Sunday Voting is a Step Forward for Religious Freedom

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For Americans who attend houses of worship, Sunday is the most active day. However it is not the only day that faith communities gather to worship. Many faith traditions have other days and times for sacred gathering. For example, Seventh-Day Adventists and Jews hold Saturday as the day of rest. Engaging in everyday activities – including voting – for some violates the observance long held as defining proper religious conduct. 

As early voting becomes commonplace across the country, many jurisdictions have opened polling places on every weekday and often on Saturdays. Sunday voting opportunities are less frequent, making it more difficult for Saturday sabbath-observers to vote if they do not receive time off to vote during the workday. As Congress and state legislatures reexamine voting rights in this country, Sunday voting is key to protecting both voting rights and religious freedom for all Americans. 

Last week, the city of Alexandria, Virginia took steps to increase access to the ballot box by holding its first-ever opportunity for Sunday voting. Hailed by advocates as a “day to make history,” election activists greeted people at the polls, regardless of their faith or lack thereof.  Interfaith Alliance president Jack Moline, a Conservative rabbi, made a point of going to the polls that day to cast his vote in the electoral contests locally and state-wide. Even though Interfaith Alliance does give employees time off to vote, demonstrating support for Sunday voting is an important step to encouraging other jurisdictions to follow suit.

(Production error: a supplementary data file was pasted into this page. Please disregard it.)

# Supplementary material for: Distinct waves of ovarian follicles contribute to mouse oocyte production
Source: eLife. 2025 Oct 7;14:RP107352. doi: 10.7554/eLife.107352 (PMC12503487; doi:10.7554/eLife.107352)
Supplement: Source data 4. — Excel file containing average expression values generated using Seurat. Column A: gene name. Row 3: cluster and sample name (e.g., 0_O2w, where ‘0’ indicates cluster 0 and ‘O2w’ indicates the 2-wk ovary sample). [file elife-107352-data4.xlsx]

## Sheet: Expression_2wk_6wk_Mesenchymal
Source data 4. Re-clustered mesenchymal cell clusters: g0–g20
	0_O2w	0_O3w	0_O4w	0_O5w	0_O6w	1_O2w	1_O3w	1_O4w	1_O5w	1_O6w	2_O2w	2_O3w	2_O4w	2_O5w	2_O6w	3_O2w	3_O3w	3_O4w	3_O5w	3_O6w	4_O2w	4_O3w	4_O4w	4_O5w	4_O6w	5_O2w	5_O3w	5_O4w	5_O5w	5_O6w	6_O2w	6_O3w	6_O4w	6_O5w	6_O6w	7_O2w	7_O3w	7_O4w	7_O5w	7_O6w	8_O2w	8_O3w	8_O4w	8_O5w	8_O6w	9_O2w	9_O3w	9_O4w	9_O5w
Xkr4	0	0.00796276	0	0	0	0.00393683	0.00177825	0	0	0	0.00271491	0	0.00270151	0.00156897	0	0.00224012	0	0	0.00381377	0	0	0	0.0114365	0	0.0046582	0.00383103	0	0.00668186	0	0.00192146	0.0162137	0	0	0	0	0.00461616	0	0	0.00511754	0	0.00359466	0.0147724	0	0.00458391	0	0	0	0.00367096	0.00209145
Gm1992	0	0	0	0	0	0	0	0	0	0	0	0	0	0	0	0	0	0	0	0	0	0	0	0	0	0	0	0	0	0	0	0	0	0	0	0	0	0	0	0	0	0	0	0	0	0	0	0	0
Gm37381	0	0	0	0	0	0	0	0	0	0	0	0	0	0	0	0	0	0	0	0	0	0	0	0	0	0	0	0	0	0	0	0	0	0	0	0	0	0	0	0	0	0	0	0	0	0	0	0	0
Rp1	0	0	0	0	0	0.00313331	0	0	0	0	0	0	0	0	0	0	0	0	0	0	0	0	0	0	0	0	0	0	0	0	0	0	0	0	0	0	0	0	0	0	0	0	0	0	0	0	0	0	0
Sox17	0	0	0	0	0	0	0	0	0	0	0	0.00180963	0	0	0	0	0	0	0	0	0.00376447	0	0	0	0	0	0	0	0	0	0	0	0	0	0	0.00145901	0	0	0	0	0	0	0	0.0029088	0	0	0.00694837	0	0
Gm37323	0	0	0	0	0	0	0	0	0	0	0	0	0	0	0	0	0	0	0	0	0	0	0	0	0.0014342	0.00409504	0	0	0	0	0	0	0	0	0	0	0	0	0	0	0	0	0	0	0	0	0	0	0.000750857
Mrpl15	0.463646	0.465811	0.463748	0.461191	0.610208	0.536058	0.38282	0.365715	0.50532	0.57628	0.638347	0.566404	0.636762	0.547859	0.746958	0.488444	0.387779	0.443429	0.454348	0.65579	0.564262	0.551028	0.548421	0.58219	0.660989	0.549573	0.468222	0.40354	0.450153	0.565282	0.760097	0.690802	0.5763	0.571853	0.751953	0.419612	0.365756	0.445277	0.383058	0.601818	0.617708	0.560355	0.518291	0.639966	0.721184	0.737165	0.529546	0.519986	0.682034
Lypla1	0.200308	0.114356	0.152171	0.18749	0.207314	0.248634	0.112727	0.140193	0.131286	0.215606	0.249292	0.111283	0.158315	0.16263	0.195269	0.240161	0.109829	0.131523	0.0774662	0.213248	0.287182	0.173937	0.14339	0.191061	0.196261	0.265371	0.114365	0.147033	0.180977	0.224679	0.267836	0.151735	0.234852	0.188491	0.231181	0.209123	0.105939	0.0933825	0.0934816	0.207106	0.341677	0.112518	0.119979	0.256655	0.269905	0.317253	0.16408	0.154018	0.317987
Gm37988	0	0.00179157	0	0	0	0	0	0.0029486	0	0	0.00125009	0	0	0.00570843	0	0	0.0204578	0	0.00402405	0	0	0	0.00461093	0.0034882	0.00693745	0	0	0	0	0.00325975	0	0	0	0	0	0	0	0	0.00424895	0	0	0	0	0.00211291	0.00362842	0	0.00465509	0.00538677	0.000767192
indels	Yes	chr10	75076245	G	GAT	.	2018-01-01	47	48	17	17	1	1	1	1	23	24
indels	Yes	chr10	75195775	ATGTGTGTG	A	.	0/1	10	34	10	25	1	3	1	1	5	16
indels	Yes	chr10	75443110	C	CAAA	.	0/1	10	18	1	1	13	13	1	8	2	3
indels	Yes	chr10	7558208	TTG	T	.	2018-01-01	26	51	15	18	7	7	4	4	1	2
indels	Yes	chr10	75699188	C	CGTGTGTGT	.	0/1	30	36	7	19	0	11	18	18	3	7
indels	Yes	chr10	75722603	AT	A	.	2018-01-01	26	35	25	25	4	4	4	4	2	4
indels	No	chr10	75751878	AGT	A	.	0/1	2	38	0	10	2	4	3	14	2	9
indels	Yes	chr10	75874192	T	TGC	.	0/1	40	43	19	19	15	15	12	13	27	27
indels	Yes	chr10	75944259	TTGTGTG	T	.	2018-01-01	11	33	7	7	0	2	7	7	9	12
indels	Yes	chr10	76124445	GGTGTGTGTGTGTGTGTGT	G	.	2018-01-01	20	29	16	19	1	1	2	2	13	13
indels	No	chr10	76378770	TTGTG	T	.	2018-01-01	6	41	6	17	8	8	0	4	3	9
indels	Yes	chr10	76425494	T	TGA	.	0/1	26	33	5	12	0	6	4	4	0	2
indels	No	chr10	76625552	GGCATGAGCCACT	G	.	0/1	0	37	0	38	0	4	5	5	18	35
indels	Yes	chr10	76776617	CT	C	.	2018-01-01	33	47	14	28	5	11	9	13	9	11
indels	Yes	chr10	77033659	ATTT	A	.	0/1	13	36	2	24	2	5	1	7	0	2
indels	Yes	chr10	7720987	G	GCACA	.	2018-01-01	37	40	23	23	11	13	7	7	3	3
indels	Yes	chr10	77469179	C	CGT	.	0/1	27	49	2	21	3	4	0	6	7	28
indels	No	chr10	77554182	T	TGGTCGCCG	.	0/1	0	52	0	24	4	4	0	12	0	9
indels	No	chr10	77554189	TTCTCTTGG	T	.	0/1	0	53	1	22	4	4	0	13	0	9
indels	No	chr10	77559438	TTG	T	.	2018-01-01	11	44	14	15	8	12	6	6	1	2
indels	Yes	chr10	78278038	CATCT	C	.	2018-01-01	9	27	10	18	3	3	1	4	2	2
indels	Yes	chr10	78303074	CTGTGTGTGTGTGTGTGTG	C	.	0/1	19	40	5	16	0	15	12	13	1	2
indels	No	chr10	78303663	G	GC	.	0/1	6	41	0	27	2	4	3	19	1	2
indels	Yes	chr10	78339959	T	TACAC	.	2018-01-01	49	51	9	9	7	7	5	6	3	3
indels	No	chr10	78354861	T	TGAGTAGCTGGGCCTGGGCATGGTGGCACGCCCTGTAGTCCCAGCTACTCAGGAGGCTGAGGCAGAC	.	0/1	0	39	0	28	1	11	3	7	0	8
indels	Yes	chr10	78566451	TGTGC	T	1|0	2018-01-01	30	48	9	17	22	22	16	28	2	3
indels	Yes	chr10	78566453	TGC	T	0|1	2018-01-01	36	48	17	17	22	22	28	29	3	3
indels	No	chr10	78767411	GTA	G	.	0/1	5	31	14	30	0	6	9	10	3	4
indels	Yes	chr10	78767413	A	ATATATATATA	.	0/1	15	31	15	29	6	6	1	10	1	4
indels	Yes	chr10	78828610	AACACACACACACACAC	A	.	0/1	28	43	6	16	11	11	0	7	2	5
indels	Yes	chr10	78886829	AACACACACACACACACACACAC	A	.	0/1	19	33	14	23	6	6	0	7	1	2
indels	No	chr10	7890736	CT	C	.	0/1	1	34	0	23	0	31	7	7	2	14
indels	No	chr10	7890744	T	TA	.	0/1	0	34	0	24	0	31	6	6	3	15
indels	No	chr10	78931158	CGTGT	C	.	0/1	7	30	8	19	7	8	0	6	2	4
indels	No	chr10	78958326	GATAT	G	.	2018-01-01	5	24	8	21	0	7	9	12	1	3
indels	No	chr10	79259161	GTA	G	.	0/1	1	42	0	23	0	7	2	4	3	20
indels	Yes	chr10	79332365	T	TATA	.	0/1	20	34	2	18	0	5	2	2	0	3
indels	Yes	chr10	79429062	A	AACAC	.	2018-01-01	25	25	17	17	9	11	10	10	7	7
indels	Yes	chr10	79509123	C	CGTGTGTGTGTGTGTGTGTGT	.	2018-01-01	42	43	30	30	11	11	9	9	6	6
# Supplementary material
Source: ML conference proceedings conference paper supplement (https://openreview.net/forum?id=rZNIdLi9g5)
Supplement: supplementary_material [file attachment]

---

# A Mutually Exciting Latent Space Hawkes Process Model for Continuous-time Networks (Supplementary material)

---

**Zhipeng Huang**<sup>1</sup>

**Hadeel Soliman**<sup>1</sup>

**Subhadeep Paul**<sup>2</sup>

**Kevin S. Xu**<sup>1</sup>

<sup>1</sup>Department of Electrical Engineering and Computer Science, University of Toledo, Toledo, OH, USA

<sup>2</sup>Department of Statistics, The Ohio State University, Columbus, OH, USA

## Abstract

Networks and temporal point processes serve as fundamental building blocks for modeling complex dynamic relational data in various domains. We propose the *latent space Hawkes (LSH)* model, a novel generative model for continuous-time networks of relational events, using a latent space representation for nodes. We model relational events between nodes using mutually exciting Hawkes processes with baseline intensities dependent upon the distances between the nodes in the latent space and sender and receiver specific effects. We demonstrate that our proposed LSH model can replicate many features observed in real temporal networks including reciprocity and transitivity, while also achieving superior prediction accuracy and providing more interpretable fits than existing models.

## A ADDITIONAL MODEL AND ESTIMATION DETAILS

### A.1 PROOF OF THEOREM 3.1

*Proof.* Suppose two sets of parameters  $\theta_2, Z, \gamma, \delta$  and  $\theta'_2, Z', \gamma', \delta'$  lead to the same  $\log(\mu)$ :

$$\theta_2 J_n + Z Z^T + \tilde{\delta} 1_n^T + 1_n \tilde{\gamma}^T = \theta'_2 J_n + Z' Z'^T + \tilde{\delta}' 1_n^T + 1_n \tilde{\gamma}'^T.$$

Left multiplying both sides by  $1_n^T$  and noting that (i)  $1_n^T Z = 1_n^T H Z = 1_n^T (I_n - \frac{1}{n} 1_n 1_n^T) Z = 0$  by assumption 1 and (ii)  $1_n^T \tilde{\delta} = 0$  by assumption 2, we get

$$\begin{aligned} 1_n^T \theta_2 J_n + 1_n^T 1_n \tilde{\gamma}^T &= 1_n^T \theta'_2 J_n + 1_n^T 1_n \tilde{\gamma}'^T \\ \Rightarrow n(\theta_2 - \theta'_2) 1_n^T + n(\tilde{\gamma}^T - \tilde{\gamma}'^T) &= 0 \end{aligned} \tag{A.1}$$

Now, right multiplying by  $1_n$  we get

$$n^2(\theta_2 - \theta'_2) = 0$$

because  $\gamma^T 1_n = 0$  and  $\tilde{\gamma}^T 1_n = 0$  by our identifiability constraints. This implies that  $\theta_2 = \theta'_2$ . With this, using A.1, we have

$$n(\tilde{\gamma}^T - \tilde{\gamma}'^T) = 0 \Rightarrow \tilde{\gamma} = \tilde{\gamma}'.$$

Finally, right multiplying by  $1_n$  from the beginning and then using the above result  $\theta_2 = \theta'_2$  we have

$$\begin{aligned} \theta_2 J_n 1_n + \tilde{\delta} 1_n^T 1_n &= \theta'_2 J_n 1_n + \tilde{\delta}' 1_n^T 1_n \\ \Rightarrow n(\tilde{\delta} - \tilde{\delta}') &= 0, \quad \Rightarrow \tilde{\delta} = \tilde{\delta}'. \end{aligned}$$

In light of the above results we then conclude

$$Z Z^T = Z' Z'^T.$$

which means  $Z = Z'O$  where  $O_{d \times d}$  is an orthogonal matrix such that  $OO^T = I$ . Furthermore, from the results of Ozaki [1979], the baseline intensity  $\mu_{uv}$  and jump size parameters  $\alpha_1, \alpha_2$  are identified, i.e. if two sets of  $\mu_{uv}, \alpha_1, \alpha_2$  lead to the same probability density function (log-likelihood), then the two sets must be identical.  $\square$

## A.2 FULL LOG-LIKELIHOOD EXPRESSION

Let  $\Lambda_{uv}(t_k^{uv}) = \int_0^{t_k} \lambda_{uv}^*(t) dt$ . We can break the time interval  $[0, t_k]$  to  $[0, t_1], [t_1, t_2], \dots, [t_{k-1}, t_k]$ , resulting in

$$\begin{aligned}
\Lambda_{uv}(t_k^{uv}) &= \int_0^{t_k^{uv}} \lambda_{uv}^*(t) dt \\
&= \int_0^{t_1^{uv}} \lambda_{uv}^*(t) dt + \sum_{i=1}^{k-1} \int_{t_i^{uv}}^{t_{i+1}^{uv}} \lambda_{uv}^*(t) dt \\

Sunday voting is a demonstration of our commitment to true religious freedom. But where Sunday voting has a place in strengthening our democracy, elections do not have a place at church on Sundays. 

Electioneering by any 501(c)(3) non-profit – which includes all tax-exempt religious institutions – is prohibited at the risk of revocation of the privileged tax status granted by the government.  Candidates may appear and send messages to houses of worship as long as all candidates are offered the same opportunities.  Endorsements, and even the appearance of endorsements, are strictly prohibited.

Unfortunately, while some were voting, others in select churches across the Commonwealth of Virginia were presented with a two-minute video endorsement of former governor and candidate for a second term Terry McAuliffe by Vice-President Kamala Harris.  In the estimation of Interfaith Alliance, these presentations were clear violations of the Johnson amendment to the tax code as communicated to the candidate and the Office of the Vice-President.

Interfaith Alliance has actively objected to the intrusion of campaigning into the pulpit whatever the contest and whichever the party. Guidance on the laws governing these activities is available from Interfaith Alliance.

During election season, it is important that houses of worship focus on faith – not politics. Opening Sunday voting is a step forward for true religious freedom in our country. Our leaders both in the legislature and in our faith communities have a responsibility to protect the integrity of both religion and democracy.

Learn about Interfaith Alliance’s efforts to advance true religious freedom.